Was King David a homosexual?

There is a belief among some in the LGBT community that King David had a homosexual relationship with his friend, Jonathan, the brother of David’s first wife, Michal. 1

The alleged relationship between David and Jonathan is based on 2 Samuel 1:26, ‘I grieve for you, Jonathan my brother; you were very dear to me.  Your love was wonderful, more wonderful than that of women.’  David wrote this after Jonathan, his father Saul, and his two brothers died in battle on Mount Gilboa. 2 Let us look at some aspects:


  • He interceded for David when his father, King Saul, viciously persecuted David. 3
  • Later Jonathan again pleaded on David’s behalf. 4  When Jonathan saw there was no hope that his father would leave David alive, he said in parting to David, “Go in peace, for we have sworn friendship with each other in the name of the Lord, saying, ‘The Lord is witness between you and me, and between your descendants and my descendants for ever.”’ 5
  • Jonathan visited David again while he fled from Saul’s vicious campaign against him,  ‘And Saul’s son Jonathan went to David at Horesh and helped him to find strength in God.’ 6  

Jonathan and David made a covenant of friendship with each other.  Besides that, they were both married men, and David had many more wives later in his life.  Isn’t that strange for homosexuals?

David’s wives

  • Michal, Saul’s daughter.  Though Saul later gave her to another man (probably out of spite), David demanded her back when he became king of Israel. 7
  • While a fugitive, he had two wives,  Abigail and Ahinoam. 8
  • While king in Hebron he took five more wives. 9
  • Scripture mentions his 10 concubines. 10

Thus we see David loved women, even though he was constantly surrounded by young soldiers and followers.  His wives were not just for the show, because he had many children by them.

Jonathan’s love ‘more wonderful than that of women’

Their friendship, more wonderful than the love of women, was on a different level.  It was a relationship of loyalty, support and protection.  Jonathan was never jealous of David, even though he knew that David would be the next king, and not he, Jonathan. 11


David later sinned with the wife of his loyal soldier Uriah. 12  He repented of his sin, 13 but there is no evidence that he ever repented of a ‘homosexual relationship’ with Jonathan.  One would expect David, who had such a wonderful relationship with God, to have repented of it (he wrote many psalms which describe events in his life).  It is because there was no homosexual relationship.


  1. 1 Samuel 18:27
  2. 1 Samuel 31
  3. 1 Samuel 19:1-7
  4. 1 Samuel 20
  5. 1 Samuel 20:42
  6. 1 Samuel 23:16
  7. 2 Samuel 3:13
  8. 1 Samuel 25
  9. 2 Samuel 3:2-5
  10. 2 Samuel 20:3
  11. 1 Samuel 23:17
  12. 2 Samuel 11-12
  13. Psalm 32:1-5; 51:1-17

Conflict, Church and LGBT community

It is not our intention to get involved in the debate between the Church and the LGBT community.  We leave that to the theologians and apologists.  What we do want to do is to highlight the design of God.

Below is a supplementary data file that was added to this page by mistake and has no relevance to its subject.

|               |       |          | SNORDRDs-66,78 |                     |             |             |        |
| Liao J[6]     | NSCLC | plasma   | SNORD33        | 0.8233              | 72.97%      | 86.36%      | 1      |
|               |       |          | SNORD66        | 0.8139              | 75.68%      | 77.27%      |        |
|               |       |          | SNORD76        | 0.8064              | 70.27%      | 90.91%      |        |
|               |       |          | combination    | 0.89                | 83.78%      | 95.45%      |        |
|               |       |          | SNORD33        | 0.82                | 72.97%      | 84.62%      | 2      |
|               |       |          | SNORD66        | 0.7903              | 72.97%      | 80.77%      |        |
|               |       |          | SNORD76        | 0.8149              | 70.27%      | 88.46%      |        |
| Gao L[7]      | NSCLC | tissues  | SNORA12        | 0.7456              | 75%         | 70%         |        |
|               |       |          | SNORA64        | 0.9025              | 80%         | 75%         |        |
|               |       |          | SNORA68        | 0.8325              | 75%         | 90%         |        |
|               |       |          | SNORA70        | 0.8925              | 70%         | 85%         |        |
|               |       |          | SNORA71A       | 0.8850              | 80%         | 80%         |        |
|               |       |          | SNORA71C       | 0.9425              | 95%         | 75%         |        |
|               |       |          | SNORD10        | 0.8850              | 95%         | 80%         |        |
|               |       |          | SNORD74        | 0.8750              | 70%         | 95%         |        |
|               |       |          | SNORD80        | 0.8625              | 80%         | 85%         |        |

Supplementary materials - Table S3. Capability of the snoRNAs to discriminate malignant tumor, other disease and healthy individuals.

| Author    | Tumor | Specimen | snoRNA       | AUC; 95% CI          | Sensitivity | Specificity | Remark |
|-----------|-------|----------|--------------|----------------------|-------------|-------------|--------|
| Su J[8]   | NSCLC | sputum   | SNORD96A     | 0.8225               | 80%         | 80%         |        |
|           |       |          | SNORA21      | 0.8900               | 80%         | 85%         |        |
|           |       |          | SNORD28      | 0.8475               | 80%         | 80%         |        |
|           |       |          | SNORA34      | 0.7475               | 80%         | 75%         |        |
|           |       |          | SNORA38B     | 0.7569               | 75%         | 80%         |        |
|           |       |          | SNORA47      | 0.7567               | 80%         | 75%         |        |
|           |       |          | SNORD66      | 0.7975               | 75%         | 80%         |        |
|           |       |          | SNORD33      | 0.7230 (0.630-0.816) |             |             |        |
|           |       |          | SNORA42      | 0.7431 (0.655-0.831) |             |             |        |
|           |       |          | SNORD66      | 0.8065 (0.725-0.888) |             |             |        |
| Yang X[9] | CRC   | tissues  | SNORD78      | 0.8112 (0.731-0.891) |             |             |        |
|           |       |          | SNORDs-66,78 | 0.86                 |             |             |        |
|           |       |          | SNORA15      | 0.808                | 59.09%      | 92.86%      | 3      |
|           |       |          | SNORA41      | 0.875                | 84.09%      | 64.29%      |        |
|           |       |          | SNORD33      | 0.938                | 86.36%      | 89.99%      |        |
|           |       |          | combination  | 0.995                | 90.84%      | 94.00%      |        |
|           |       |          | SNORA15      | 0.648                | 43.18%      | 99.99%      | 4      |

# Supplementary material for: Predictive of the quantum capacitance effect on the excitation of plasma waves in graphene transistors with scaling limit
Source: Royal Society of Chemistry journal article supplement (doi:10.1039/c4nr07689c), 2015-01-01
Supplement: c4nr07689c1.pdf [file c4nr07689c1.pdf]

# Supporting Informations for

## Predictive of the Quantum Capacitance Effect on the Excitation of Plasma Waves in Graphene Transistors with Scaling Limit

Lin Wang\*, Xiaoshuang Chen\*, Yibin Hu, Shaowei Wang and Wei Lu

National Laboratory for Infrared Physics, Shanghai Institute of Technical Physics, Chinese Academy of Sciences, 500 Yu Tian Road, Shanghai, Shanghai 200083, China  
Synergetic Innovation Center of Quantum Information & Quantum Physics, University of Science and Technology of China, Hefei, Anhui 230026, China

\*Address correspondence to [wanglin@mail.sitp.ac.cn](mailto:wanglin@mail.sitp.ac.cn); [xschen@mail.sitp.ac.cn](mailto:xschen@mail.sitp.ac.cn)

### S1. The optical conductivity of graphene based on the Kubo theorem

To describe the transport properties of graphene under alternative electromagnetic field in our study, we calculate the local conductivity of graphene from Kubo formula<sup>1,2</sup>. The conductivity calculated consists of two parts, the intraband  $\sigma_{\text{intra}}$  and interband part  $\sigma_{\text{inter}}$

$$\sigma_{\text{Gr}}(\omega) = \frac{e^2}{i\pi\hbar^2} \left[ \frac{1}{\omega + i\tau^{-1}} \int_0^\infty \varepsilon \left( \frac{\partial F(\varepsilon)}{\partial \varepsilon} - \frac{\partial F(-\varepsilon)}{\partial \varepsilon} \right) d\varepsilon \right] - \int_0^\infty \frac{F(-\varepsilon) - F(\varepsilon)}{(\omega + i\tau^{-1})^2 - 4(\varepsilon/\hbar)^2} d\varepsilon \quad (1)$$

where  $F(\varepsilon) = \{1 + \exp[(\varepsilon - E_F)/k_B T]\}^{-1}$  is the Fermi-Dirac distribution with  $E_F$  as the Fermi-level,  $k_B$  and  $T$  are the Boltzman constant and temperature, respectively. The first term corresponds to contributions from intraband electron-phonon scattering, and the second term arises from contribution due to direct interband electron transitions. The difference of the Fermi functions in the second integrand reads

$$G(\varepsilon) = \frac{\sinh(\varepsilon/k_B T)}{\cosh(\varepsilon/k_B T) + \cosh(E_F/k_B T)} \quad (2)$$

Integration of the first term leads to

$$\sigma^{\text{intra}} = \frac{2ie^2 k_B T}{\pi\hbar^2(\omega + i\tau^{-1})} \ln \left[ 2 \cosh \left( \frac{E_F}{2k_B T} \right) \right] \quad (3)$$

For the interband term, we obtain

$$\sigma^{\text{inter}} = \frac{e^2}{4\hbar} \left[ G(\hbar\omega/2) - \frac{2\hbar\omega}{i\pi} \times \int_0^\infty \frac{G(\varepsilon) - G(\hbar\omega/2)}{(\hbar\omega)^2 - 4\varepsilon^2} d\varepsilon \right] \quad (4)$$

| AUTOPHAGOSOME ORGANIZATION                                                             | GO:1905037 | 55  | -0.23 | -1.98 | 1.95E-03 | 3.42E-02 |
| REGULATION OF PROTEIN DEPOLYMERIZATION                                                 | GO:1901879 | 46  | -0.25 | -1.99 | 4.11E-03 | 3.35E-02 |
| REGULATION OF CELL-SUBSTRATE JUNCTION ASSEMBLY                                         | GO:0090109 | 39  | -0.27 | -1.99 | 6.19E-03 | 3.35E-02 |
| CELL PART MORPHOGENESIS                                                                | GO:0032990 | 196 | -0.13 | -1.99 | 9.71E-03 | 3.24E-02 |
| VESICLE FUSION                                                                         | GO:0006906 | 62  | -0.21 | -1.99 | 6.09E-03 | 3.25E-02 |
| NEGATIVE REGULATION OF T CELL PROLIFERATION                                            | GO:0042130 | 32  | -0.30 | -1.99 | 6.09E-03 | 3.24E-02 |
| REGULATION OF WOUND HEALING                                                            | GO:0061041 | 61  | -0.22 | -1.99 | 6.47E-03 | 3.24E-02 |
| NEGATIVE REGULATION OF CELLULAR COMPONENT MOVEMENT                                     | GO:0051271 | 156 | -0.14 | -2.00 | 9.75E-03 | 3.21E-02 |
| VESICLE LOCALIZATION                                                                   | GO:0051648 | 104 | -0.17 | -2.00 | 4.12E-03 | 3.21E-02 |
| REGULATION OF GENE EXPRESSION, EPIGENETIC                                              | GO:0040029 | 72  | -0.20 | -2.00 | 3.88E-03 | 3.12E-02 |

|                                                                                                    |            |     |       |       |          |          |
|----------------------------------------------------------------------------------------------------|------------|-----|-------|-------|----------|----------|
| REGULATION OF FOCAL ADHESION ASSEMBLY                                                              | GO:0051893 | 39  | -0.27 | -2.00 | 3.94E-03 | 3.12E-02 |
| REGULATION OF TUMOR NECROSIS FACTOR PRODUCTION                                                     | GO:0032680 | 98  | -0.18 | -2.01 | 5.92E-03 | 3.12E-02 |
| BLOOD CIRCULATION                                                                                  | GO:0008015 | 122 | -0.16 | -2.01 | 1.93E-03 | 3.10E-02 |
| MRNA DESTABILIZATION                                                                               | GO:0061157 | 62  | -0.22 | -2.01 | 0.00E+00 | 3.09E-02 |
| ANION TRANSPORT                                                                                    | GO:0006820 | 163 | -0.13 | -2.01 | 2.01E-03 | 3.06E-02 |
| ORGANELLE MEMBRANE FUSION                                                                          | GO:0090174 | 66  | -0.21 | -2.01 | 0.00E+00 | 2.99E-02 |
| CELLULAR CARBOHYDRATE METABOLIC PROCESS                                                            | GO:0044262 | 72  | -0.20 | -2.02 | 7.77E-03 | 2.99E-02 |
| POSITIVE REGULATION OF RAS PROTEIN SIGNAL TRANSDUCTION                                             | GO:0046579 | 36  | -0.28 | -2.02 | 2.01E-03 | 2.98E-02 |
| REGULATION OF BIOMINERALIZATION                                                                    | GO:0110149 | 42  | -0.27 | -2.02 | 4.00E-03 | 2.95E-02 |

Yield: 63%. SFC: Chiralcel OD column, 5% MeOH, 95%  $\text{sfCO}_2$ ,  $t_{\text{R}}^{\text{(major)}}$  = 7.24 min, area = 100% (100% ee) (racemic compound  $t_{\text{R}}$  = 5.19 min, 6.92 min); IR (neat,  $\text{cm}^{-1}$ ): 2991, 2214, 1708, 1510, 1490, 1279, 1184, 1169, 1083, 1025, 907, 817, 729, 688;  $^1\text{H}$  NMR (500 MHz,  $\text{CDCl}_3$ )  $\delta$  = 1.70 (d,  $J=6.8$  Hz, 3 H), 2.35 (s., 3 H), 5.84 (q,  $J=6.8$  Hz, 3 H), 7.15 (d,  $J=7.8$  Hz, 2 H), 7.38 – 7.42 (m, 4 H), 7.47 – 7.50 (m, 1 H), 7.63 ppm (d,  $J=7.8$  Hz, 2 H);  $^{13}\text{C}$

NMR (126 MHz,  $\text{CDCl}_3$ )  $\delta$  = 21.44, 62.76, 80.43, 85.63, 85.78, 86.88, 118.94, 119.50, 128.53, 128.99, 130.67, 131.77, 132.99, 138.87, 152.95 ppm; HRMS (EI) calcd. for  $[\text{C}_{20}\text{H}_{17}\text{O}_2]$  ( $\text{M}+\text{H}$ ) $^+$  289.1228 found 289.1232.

#  The Bible begins and ends with the man/woman relationship.

Genesis 2, a picture of Eden, is a miniature or blueprint of what God intends to do on the new heavens and earth.  God, the bridegroom (Adam) and the bride (Eve), are in perfect harmony in a beautiful setting.  In Revelation 19:7-8 the wedding of the Bridegroom (Jesus) and the Bride (the Church, the elect) is celebrated in the new Eden. 1 God is also described as the Husband of Israel, His ‘wife.’ 2   Note the ‘male/female’ pattern.

#  Love between male/female is very important.

The book, Song of Songs, describes the specific love between man and woman.  This description is applicable to the love between God and Israel, Jesus and the Church and man and woman.  A particular emphasis is, ‘Place me like a seal over your heart, like a seal on your arm; for love is as strong as death, its jealousy unyielding as the grave.’ 3  Love is strong and jealous, as is God and Jesus’ jealousy over Israel and the Church, man and woman.

#  The male/female pattern is God’s design.

Adam was incomplete without a mate and God rectified it.  Male and female were different from their creation.  God made Adam from earth, but Eve from Adam’s rib.  She was flesh of his flesh and bone of his bone (literally).  God is also the source of Israel and Jesus of the church.  The male and female are physically different.  Yet man and woman are equal in God’s sight 4 and joint heirs of the Kingdom. 5

#  Man and woman had to be fruitful.

God gave Adam and Eve the command to be fruitful. 6  Why was it important to God that they had to fill the earth?  It has to do with the eventual filling of His coming Kingdom on the new earth.  He needs many citizens there.  We deduce that the man/woman; Jesus/Church; and God/Israel relationships have to do with fruitfulness in various aspects.


Whichever way we look at it, in God’s Kingdom the male/female, bridegroom/bride relationship features strongly.  In each case the bride differs from the bridegroom.  What the LGBT community wants to do is to change it.  They might succeed to force the Church to change its beliefs, but whether they will succeed in changing God’s Word is doubtful.  Taking our cue from 1 Peter 1:25 (‘…the Word stands forever’) we are inclined to view God’s Word as unchangeable.


  1. Revelation 21-22
  2. Isaiah 54:5-7; Ezekiel 16:8
  3. Song of Songs 8:6
  4. Galatians 3:28
  5. 1 Peter 3:7
  6. Genesis 1:28; 9:7
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